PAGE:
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Truss uplift

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mudmixer

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neal -

You should know there are no statistics on the various situations, let alone any engineering calculations. Unfortunately there are few situations that are the same and could be due to different details/plans/conditions/climates.

The practice of keeping the nails or screws well away from the wall/ceiling joint has been a common practice for about 50 years around here.

I expected some problems with my own lake home (I held the ceiling sheet rock nailing away from the wall/ceiling joint) that had 9' walls and scissor trusses spanning 28', but the house had tremendous thermal storage. Maybe the height of the walls provided some "give". But it saw winter temps at up to -42F and then heating up to 70F before I got there for a week-end thanks to a programmable thermostat.

Despite being an engineer, I can only offer anecdotal observations that would not be adequate for requirements on the code committees is an active in.

Dick
 

nealtw

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neal -

You should know there are no statistics on the various situations, let alone any engineering calculations. Unfortunately there are few situations that are the same and could be due to different details/plans/conditions/climates.

The practice of keeping the nails or screws well away from the wall/ceiling joint has been a common practice for about 50 years around here.

I expected some problems with my own lake home (I held the ceiling sheet rock nailing away from the wall/ceiling joint) that had 9' walls and scissor trusses spanning 28', but the house had tremendous thermal storage. Maybe the height of the walls provided some "give". But it saw winter temps at up to -42F and then heating up to 70F before I got there for a week-end thanks to a programmable thermostat.

Despite being an engineer, I can only offer anecdotal observations that would not be adequate for requirements on the code committees is an active in.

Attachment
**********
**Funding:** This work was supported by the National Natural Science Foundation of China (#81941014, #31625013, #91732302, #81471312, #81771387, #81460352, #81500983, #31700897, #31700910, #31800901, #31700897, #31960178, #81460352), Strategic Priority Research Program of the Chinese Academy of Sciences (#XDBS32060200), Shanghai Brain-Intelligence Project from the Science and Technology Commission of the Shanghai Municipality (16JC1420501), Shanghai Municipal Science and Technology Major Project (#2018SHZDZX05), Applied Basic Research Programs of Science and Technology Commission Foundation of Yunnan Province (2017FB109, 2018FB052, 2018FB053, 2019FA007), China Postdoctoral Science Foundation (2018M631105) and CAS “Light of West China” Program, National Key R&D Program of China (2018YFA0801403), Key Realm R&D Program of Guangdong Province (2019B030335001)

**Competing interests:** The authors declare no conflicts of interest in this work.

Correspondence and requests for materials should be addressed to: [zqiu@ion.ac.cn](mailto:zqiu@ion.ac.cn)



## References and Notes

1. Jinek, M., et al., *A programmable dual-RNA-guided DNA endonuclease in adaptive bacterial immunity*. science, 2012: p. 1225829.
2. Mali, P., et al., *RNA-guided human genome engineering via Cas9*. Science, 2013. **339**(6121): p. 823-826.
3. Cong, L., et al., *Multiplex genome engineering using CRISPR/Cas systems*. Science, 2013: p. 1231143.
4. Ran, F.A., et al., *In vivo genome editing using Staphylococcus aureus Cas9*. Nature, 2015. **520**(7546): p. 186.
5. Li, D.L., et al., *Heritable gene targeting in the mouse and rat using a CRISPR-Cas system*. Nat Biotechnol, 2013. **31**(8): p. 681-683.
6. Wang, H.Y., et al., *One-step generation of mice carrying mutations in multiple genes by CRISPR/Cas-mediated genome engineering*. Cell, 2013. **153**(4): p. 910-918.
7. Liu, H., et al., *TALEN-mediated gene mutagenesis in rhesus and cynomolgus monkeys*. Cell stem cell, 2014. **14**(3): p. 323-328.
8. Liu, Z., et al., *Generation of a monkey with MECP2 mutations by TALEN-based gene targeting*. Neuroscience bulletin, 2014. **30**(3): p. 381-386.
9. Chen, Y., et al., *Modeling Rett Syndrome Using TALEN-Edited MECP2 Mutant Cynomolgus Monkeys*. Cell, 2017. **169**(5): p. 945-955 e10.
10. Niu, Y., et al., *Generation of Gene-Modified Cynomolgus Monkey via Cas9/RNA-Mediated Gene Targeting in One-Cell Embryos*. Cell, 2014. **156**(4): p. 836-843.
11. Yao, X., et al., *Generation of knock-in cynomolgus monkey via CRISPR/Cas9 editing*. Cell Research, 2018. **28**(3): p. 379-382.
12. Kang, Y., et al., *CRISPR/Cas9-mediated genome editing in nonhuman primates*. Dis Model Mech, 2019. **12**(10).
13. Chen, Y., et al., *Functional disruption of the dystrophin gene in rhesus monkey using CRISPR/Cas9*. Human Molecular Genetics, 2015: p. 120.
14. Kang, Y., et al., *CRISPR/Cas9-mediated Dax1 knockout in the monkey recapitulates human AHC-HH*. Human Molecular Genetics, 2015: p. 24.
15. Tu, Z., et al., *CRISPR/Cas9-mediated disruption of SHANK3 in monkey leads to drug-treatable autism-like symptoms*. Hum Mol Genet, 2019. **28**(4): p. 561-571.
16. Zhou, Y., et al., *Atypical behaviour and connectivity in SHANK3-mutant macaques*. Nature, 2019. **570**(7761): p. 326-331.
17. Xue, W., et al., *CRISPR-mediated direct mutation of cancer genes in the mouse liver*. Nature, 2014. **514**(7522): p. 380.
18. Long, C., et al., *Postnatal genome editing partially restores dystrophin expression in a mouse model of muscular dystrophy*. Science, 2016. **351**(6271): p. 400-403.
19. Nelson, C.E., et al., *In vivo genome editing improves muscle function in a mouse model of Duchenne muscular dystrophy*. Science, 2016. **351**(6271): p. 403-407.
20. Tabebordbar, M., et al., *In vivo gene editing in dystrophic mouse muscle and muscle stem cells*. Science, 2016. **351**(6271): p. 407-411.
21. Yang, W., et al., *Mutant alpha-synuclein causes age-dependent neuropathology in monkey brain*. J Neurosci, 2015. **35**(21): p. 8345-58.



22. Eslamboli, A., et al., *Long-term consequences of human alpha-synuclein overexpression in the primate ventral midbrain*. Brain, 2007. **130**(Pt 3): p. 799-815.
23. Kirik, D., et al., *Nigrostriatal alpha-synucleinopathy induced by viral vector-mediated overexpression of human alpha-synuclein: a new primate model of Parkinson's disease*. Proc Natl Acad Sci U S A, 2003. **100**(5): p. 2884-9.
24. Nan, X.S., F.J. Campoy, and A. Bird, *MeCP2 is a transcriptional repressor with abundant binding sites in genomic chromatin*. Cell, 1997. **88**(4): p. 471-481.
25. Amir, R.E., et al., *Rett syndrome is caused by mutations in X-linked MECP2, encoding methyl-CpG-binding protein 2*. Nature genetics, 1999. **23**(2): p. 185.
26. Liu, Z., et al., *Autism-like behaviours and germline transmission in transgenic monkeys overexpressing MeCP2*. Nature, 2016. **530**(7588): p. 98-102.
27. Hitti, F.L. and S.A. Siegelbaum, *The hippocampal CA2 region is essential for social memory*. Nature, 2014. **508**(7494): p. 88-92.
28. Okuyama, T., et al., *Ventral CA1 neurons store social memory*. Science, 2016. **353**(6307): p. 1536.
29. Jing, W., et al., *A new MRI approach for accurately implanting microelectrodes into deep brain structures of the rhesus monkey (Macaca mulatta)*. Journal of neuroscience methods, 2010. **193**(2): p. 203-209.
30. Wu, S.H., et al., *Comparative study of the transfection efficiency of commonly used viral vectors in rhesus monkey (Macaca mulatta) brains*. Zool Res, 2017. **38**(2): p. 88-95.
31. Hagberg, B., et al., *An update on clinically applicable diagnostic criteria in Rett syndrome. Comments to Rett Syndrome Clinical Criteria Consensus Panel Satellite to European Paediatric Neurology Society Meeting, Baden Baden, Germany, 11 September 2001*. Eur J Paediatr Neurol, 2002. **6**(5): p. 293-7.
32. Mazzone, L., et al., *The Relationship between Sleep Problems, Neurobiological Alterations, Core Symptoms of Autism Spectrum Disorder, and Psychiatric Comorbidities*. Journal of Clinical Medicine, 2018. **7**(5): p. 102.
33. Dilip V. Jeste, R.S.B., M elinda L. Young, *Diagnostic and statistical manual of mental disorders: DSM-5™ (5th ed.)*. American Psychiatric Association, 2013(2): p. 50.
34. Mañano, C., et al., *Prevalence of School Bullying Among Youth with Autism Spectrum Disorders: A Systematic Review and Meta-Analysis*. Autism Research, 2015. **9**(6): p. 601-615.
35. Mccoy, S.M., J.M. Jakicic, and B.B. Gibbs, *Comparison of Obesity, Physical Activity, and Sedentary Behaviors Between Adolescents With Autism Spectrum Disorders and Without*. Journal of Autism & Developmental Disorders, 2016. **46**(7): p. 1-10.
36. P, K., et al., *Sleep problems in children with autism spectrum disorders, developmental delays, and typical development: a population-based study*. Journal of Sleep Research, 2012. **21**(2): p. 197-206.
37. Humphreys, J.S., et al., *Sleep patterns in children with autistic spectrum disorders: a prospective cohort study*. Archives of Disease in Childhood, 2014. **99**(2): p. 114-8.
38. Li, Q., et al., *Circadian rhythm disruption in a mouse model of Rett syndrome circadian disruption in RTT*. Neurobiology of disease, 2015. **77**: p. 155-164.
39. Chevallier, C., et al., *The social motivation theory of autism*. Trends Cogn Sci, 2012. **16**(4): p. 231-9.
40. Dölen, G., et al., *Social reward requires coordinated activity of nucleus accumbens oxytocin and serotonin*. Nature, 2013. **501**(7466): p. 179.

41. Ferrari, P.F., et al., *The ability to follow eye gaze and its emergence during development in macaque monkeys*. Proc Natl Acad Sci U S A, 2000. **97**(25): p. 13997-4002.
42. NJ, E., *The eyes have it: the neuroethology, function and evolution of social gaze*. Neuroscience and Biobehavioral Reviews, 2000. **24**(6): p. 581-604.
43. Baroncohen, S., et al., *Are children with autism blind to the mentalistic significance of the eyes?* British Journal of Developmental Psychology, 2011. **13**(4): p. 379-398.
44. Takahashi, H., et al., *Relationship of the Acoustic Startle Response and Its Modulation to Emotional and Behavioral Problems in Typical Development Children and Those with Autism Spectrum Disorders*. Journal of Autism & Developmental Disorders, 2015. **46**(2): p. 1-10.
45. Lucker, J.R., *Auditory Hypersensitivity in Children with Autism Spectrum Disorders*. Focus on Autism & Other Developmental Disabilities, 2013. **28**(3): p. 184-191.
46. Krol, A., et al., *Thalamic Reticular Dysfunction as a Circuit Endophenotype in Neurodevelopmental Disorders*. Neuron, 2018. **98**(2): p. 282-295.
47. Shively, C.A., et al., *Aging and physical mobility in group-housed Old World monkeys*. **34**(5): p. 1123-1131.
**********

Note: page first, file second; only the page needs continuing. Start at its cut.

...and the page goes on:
Dick
Thanks Dick, I understand that and have been explaining it to home owners for years. I am just trying make it work in my head with what I have seen in the field. We see a vaulted ceiling with a full gable over the outside wall all the time. We often just added studs to the back of the gable that are notched out for the members in the truss. So in this case the wall and the truss are built together or tied together so much like the problem here.
I have never seen a problem with the gable lifting.
The gable has more upright members that the other trusses.
So is it the extra members, or the sheeting on the outside, or is it the proximity to the cold and moisture that keeps it down.

The truss company should be aware of what ever the problem is and should have shipped a gable and or called for sheeting or shipped an extra truss so that one didn't have to land on the wall.

I have never seen a house with concrete tile have an uplift problem so in my head, you could hold it down but with what force and how to attach to it.
 

oldognewtrick

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Neal, the dead load from a asphalt shingle is less than 300 lbs per square compared to sometimes 4-5 times that for most hard surface installations.
 

nealtw

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Neal, the dead load from a asphalt shingle is less than 300 lbs per square compared to sometimes 4-5 times that for most hard surface installations.
That's my point, they can be held down. I can't believe that all this theory is kicked around and there is no data to be had.
 

oldognewtrick

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Standards and building science are moving targets. What's gospel today is heresy tomorrow.